My two favorite things in life are libraries and bicycles. They both move people forward without wasting anything.
    The perfect day: Riding a bike to the library.—Peter Golkin


    Lucky for me, I work at a library and bike to work.

  7. #7
    Senior Member JonathanGennick's Avatar
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    Quote Originally Posted by tsl View Post
    I rode up one morning, stopped, hopped off the bike and promptly fell down. It was too slippery to stand, yet, I'd just ridden across it, just fine. That's when I knew I'd made the right decision on studs.
    Yep! I've had similar things happen to me. It is downhill from my house into town. It is often safer to ride than to try to walk without falling. In general, I have learned to be extra careful when dismounting from the bike.

    Studded shoes. Now that's what I need.

    (One of my neighbors races motorcycles on ice during winters. You should see the serious studs that he's got on his machine. They stick out quite a bit, maybe 3/8s inch or so, but only on one side of his tires. Why only one side? The courses are all circular, and always in the same direction.)

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    Thank you very much everybody for the input. I'll use this information when I am preparing for winter riding in a couple months.

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    Are you a Zag?

    Zagnut

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    Yea I am. I'm a sophomore. You?

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    Yea I am. I'm a sophomore. You?
    Alum '69 and native of Spokane and environs.

    Zagnut

  12. #12
    smatte
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    Quote Originally Posted by JonathanGennick View Post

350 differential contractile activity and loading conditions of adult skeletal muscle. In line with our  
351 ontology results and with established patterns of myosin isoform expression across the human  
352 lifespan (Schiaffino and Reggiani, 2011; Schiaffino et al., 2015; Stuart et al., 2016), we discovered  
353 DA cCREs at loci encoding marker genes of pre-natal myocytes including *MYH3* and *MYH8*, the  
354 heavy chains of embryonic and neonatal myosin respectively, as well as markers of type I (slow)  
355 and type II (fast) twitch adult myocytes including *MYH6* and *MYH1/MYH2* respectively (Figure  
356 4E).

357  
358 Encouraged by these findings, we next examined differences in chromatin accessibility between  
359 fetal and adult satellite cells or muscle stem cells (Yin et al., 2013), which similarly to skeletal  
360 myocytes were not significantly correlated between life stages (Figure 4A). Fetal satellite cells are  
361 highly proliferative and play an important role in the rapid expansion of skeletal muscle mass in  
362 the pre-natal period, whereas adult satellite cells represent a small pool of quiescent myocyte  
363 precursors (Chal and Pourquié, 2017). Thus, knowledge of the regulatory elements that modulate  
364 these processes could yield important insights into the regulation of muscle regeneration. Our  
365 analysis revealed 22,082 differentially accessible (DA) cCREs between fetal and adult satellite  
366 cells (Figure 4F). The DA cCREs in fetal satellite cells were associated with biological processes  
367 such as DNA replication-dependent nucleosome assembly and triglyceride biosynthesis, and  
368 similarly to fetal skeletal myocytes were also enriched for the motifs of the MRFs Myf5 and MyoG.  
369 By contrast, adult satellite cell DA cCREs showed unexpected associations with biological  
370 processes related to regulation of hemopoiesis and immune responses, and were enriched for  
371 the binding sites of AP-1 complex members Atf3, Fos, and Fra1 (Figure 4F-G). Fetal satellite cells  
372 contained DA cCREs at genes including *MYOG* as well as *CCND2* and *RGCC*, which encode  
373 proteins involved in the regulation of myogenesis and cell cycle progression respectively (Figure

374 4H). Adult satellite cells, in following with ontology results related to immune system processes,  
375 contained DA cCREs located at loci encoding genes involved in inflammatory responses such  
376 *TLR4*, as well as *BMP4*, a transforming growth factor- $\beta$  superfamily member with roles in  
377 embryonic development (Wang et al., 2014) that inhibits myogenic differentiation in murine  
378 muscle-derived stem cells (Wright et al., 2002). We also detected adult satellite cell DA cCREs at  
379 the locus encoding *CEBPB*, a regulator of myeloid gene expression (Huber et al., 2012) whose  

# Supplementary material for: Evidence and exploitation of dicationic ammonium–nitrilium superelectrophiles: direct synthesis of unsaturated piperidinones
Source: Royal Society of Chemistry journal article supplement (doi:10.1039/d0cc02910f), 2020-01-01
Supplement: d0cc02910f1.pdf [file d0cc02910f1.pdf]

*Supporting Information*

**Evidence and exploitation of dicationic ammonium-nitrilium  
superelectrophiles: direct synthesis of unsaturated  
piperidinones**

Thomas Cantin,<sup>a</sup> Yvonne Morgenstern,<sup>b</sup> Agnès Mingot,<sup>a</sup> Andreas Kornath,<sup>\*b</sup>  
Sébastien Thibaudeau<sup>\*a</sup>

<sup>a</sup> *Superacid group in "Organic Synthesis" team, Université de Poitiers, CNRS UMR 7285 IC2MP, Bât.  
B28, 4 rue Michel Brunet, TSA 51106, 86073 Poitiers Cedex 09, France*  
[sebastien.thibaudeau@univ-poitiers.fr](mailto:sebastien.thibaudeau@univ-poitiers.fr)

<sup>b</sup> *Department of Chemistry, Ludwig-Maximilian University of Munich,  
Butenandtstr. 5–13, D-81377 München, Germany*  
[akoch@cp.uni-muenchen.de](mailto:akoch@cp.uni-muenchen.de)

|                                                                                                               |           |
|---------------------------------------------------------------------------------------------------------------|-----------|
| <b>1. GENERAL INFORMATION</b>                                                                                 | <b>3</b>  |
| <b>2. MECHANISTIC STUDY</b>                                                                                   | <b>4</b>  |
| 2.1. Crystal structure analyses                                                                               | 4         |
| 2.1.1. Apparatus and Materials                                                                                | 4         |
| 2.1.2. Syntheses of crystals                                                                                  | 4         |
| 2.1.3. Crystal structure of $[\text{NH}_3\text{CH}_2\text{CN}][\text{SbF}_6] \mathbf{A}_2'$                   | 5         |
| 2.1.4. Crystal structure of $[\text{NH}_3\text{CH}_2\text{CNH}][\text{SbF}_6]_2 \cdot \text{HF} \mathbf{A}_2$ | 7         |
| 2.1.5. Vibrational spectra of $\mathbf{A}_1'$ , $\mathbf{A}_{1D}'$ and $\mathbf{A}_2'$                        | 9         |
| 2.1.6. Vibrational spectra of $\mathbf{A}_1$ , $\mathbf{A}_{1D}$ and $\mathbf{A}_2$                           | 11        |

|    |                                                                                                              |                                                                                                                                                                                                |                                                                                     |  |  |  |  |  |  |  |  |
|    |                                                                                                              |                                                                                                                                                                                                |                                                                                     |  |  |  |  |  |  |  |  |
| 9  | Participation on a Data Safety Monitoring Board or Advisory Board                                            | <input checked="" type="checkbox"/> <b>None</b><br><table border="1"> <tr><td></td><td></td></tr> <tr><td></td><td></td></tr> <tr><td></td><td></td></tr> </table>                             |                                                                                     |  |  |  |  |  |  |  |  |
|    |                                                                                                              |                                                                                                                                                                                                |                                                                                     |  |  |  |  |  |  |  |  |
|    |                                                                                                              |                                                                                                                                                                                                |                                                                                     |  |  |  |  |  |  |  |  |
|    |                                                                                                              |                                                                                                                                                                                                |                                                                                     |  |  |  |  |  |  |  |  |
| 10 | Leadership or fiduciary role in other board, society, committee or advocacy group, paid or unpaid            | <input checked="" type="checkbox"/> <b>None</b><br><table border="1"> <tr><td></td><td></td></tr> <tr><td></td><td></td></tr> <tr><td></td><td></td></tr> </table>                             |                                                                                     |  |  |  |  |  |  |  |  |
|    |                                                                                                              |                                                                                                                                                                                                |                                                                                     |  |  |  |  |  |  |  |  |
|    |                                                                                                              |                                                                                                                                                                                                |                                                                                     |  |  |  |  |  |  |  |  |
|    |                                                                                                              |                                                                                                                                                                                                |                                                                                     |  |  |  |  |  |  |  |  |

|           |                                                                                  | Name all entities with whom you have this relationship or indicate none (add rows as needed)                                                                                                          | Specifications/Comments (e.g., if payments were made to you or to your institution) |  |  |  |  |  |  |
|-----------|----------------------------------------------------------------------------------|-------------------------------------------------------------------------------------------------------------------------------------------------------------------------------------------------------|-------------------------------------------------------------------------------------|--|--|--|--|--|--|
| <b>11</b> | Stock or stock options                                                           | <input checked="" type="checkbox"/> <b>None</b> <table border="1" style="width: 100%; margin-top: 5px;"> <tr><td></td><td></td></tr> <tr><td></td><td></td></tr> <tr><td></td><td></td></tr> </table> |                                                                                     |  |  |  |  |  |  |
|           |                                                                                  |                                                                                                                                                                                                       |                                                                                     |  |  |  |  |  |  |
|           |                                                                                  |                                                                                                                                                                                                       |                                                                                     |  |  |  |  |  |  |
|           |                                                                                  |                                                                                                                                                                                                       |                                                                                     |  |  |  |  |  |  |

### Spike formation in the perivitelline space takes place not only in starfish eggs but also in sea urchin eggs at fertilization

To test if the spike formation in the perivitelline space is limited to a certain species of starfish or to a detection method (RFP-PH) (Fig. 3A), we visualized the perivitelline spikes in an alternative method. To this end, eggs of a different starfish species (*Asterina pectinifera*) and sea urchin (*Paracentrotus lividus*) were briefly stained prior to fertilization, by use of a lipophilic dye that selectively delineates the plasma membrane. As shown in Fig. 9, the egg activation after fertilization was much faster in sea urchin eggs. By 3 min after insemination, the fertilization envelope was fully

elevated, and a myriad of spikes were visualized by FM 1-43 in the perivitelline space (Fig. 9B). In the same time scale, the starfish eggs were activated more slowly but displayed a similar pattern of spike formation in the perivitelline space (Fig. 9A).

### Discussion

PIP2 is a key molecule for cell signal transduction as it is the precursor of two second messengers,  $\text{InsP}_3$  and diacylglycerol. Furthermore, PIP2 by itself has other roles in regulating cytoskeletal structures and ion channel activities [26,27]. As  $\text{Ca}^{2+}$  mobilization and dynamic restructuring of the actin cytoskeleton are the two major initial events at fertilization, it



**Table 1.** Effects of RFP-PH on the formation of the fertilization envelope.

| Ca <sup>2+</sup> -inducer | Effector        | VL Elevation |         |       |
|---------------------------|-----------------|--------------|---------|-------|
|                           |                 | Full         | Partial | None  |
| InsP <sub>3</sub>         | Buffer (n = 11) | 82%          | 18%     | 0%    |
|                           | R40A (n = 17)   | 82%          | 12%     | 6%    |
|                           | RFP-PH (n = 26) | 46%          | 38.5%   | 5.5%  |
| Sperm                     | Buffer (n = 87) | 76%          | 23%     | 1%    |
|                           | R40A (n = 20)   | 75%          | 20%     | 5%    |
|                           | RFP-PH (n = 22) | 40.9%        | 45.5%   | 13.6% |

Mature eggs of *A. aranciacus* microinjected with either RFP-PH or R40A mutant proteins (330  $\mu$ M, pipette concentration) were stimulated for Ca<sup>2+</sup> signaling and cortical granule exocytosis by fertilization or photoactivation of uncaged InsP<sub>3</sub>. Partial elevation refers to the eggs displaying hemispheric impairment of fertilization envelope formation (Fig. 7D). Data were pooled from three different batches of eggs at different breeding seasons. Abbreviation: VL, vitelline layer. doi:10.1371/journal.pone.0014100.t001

(One of my neighbors races motorcycles on ice during winters. You should see the serious studs that he's got on his machine. They stick out quite a bit, maybe 3/8s inch or so, but only on one side of his tires. Why only one side? The courses are all circular, and always in the same direction.)
    Yes, they race an oval course, studs would be on the left side as that is the side they lay down to crash....I mean corner.

  13. #13
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    I ended up going with a specialized globe sport 2008, and so far I am very satisfied with the purchase. I will definitely go with winter tires later this year when it gets too icy to ride on.

  14. #14
    Sophomoric Member Roody's Avatar
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    Quote Originally Posted by JonathanGennick View Post
    What Podolak says is generally true. Studs help in ice. Lugs (or tread) help in snow. I run a pretty aggressive, lugged and studded tire where I live. But Nokian, the brand I buy, makes a wide range of studded tire. You can, for example, get a studded tire that is very much road-tire-like, except for some minimal studding to help with the occasional icy patch.

    Here's a link:

    http://www.suomityres.fi/winter.html

    Compare the Hakka SW300 with, say, the Mount and Ground W160. As you can see, there's quite a bit of room to match the tire with your specific application. I don't really know Spokane though, so I can't help much with the choice. I run the 300s, because I frequently ride on hard-packed, sometimes icy snow. (Streets in my town are never plowed to the pavement). I need the lugs for traction, and the studs to save my behind. Were I mostly on plowed pavement, I might look at the W240s or the W160s.

    Riding in winter is fun, btw. I love it that I can actually seek out the ice and ride on it without fear of crashing.
    Listen to this guy, he's from Munising so he knows winter.

    Down here in southern Michigan we get less than half as much snow, and they plow and salt the main roads (but not side streets). So studs are still almost required, but you could get along without them if you were willing to curtail your riding some.

    I like the heavy duty studs on one bike because I also do a lot of riding on our frozen lakes--just for fun. This year I'll have a set like the W240s on a second bike for my street commute.


    "Think Outside the Cage"